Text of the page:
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Translation by Mind Map: Translation

1. What is translation?

1.1. ' Translation refers to the process of, or the product resulting from, transferring or mediating written text(s) of different lengths (ranging from words and sentences to entire books) from one human language to another’ (Colina, 2015, p. 3).

1.1.1. The process of translation involves an original text called Source Text(ST) in an original Language, source Langue(SL) and the translated text called target text(TT) in a Target Langue(TL).

2. History

2.1. During many years, texts were translated in a word for word style, ‘the rendering of text from one language to another one word at a time with or without conveying the sense of the original text’(Grassilli,2016), until Cicero and St. Jerome introduced the difference between word for word and ‘sense for sense style’, the opposition of word for word in order to translate a whole idea in an understandable way.

2.2. John Dryden, reduced translation into three categories: -'metaphrase': It is literal translation, Word for word. 'paraphrase': It is kind of sense for sense translation. 'imitation': It is like adaptation.

2.3. Alexander Tyler in 1797, launched 'Essay on the principles of translation' explaining three general rules: 1) The translation should give a complete transcript of the ideas of the original work. 2)The style and manner of writing should be of the same character with that of the original. 3)The translation should have all the ease of the original composition.

3. Translation studies

3.1. 'Translation Studies is an academic discipline that studies the theory and practice of translation.It is, by nature, a multilingual but also interdisciplinary field of study since establishes relationships with with linguistics, cultural studies, philosophy, the informationsciences, and so forth'(Garcia de Toro, 2008)

3.1.1. In 1972 James Holmes, in his framework 'The name and nature of Translation Studies' explained with a conceptual map what translation studies covers: Pure area; it is divided for theoretical and descriptive areas. Theoretical Descriptive Applied Area: It is divided in three areas:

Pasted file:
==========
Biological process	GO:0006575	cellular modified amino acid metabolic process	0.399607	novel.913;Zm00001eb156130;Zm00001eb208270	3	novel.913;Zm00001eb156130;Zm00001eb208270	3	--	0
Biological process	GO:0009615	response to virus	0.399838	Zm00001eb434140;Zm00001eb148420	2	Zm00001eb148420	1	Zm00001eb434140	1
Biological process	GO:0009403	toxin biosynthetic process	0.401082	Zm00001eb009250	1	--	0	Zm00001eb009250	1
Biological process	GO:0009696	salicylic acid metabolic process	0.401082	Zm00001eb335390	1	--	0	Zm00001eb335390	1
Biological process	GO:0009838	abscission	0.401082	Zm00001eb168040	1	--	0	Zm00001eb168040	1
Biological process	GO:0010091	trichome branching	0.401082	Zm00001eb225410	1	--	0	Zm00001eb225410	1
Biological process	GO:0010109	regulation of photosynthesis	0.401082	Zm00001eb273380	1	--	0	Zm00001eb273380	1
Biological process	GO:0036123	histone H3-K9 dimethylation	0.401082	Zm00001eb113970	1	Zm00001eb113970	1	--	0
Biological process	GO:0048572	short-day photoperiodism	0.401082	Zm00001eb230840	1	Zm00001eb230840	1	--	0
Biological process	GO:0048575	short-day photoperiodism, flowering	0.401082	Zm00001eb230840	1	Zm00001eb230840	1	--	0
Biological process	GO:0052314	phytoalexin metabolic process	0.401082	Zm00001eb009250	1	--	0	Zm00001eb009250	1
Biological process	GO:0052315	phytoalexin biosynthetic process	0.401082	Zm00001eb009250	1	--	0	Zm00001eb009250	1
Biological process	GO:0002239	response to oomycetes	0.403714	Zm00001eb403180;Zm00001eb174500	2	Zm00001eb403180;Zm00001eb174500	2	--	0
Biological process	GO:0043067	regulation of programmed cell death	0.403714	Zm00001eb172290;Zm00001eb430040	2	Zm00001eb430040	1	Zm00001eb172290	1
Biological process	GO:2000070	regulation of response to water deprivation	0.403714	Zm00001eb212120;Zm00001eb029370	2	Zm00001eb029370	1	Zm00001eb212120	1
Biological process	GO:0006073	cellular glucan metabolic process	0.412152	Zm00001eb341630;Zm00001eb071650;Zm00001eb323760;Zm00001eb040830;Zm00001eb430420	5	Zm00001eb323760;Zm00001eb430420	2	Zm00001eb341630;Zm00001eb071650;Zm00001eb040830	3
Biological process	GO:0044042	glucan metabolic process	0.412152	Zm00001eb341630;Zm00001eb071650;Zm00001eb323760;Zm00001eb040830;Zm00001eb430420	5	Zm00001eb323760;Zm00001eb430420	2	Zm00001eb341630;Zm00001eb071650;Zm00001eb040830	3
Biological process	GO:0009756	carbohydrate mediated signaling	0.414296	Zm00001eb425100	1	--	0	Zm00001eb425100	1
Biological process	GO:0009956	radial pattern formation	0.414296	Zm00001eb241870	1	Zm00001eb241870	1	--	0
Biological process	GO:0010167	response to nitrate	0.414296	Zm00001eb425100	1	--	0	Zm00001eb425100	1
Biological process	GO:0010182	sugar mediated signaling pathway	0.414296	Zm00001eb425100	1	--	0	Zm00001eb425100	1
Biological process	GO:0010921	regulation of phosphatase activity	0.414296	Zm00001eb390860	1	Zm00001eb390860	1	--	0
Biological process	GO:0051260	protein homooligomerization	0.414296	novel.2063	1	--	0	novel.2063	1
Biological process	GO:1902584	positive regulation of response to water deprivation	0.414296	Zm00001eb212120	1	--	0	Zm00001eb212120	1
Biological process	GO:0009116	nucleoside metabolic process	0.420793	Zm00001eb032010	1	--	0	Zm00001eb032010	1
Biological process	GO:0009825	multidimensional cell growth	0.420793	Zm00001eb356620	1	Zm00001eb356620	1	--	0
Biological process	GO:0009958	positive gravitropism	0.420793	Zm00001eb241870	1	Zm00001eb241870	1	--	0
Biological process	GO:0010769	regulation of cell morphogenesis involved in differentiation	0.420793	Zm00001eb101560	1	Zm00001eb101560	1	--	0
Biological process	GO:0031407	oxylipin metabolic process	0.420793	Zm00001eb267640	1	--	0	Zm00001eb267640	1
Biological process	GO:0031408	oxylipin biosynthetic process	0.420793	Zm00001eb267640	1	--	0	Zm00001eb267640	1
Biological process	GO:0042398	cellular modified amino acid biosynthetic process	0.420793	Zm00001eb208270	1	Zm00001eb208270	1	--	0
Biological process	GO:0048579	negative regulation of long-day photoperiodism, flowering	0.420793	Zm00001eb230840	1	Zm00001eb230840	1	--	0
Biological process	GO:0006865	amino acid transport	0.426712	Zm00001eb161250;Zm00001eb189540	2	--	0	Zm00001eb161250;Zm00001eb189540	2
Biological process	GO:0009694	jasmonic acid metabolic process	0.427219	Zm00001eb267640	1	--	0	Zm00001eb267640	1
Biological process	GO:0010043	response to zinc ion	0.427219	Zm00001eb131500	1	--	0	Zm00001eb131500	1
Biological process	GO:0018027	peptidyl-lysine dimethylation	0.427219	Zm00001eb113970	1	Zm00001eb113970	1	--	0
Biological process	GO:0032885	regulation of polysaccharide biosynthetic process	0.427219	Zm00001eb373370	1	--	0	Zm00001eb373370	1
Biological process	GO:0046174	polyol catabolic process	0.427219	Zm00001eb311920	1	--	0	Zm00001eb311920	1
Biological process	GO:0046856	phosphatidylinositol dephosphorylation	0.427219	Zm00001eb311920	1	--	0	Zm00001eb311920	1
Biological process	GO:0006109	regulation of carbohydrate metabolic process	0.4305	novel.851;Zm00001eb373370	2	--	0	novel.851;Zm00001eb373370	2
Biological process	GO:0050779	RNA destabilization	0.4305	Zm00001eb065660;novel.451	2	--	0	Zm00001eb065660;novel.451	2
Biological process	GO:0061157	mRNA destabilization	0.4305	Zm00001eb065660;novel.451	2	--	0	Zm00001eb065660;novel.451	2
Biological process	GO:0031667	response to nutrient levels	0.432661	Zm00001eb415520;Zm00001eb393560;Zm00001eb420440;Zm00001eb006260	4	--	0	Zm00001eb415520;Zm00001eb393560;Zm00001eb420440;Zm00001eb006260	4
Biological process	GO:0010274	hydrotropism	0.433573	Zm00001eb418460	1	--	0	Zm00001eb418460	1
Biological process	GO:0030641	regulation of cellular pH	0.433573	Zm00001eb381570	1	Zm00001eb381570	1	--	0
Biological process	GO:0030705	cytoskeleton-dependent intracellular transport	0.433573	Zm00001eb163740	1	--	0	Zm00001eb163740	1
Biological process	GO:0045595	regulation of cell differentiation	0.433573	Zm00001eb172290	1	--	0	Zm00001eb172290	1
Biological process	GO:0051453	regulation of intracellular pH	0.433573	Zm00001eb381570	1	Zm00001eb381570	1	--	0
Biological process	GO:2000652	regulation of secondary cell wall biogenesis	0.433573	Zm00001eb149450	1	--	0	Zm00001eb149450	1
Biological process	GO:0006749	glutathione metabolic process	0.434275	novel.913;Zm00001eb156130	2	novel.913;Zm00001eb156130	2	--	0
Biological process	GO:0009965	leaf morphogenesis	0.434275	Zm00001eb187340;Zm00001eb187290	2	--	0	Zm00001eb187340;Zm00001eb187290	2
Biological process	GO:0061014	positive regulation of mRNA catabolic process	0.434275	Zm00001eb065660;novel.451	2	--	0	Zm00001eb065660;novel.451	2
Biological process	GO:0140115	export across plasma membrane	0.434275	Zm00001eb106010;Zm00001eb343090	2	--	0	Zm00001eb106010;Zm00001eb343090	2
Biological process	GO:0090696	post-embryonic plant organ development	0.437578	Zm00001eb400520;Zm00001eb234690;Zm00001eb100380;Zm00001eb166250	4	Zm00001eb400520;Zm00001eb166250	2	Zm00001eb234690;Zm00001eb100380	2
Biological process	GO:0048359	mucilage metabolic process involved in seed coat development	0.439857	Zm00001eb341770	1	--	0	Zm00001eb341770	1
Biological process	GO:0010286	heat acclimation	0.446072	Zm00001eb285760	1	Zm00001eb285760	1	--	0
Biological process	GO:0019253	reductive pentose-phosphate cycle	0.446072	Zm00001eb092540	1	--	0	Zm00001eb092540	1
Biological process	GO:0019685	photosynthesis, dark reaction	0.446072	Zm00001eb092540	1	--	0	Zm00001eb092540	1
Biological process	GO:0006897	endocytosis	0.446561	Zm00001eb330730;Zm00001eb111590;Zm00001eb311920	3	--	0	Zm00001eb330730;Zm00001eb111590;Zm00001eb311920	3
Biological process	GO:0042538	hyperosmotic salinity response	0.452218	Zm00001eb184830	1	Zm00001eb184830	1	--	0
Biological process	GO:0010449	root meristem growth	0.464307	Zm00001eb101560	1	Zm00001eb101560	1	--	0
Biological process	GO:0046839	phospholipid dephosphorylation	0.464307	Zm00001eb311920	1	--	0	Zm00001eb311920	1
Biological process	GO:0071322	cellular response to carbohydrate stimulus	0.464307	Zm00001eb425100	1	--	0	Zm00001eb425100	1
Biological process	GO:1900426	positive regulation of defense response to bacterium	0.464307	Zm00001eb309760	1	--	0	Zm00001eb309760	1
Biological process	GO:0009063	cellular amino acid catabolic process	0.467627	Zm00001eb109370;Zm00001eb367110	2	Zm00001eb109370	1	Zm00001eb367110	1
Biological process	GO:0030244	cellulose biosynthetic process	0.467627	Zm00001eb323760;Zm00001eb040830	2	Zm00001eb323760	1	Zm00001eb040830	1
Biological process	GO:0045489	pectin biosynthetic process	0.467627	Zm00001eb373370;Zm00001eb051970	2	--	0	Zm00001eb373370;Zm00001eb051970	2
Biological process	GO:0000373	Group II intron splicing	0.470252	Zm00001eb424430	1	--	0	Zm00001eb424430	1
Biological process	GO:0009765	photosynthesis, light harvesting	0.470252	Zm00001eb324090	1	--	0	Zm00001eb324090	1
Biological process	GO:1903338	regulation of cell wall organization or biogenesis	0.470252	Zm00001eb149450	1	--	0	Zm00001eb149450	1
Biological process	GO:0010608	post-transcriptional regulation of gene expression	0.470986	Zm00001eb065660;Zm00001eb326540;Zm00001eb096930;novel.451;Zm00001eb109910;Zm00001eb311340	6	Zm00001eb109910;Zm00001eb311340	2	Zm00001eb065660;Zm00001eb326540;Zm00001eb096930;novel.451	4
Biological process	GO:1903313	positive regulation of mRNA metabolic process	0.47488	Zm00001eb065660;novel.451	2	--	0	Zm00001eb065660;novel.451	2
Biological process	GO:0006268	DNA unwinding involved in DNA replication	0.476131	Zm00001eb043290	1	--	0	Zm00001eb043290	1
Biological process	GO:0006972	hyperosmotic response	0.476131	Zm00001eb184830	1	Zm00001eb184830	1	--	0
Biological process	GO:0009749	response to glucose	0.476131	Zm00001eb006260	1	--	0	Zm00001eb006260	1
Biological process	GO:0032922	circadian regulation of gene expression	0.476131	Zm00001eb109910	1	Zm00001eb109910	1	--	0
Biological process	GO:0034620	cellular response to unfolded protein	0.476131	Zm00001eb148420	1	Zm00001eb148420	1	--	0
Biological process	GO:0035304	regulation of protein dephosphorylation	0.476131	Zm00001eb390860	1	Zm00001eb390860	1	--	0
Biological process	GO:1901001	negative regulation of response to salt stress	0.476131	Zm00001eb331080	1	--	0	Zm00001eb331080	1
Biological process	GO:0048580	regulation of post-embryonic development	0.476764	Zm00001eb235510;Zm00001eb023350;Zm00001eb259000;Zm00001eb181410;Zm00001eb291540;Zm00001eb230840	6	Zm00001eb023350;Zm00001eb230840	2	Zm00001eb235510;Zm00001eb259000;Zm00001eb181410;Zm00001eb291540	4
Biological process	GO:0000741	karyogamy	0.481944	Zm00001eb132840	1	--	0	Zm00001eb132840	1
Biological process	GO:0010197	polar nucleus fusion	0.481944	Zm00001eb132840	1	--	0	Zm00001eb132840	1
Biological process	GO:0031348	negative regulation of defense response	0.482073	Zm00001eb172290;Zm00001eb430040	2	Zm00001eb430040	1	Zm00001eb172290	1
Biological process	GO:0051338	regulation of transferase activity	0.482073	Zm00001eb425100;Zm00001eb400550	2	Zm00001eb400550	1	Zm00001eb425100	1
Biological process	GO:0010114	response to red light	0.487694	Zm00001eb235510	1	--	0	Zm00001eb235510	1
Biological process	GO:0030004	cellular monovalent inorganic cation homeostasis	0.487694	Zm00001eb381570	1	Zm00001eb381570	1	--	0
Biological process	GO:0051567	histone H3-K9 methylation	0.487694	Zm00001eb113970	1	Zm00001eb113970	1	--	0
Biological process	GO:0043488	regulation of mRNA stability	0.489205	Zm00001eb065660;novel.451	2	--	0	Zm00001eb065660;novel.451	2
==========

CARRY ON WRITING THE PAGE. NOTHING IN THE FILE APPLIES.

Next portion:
4. Translator

4.1. The principal duties of a translator are:

4.1.1. - Read and understand the text to be translated.

4.1.2. -Preserve the style, voice, tone ans structure of the source text, among others.

4.1.3. -One duty that has not an impact as it should is ethics. Inside the ethic area, we found accountability ( 'It requires every professional and every citizen to demonstrate that he or she is cognizant of the impact of their behaviour on others, aware of its legal implications, and prepared to take responsibility for its consequences') (Baker,2015). As the example of Mohamed yousry who was arrested for translated a letter which was released to the press. What is ethical? In order to understand what ethical is, Baker introduce Deontological and teological approaches: 'Deontological models define what is ethical by reference to what is right in and of itself, irrespective of consequences, and are rule-based..... Teleological approaches, on the other hand, define what is ethical by reference to what produces the best results. Utilitarianism … is a teleological theory that is more concerned with consequences than with what is morally right per se'(Baker, 2015).

5. Free vs literal translation

5.1. Free translation is the equivalent of sense for sense translation, and literal translation is the equivalent of word for word translation.

5.1.1. The big question, free or literal translation? 'It is believed by most linguists that 70% of the sentences in every language can be rendered in translation using the literal method, even dealing with difficult texts'(Lacandazo, 2013) . The truth is that both styles can be useful depending on the context. Literal translation is normally used in medical, scientific, law fields. On the other hand, free translation is normally used in poetry, literature, among others. Also it depends in the preference of the translator.

6. References Patrick, Kristopher. (unknown). Translation theory before the tw entieth century. Retrieved from Translation theory before the twentieth century - ppt download Grassilli, Chiara. (2016). Word for word translation. Retrieved from García de Toro, Cristina. (2008). Translation Studies: an overview. Retrieved from Barbe, Katharina. (1996). The Dichotomy free and literal translation. Retrieved from Lacandazo, Charlene.(2013) Literal or Free Translation: Which is the Most Useful Approach?. Retrieved from Baker, M. (November 15, 2015) Ethics in the Translation and Interpreting Curriculum. Retrieved from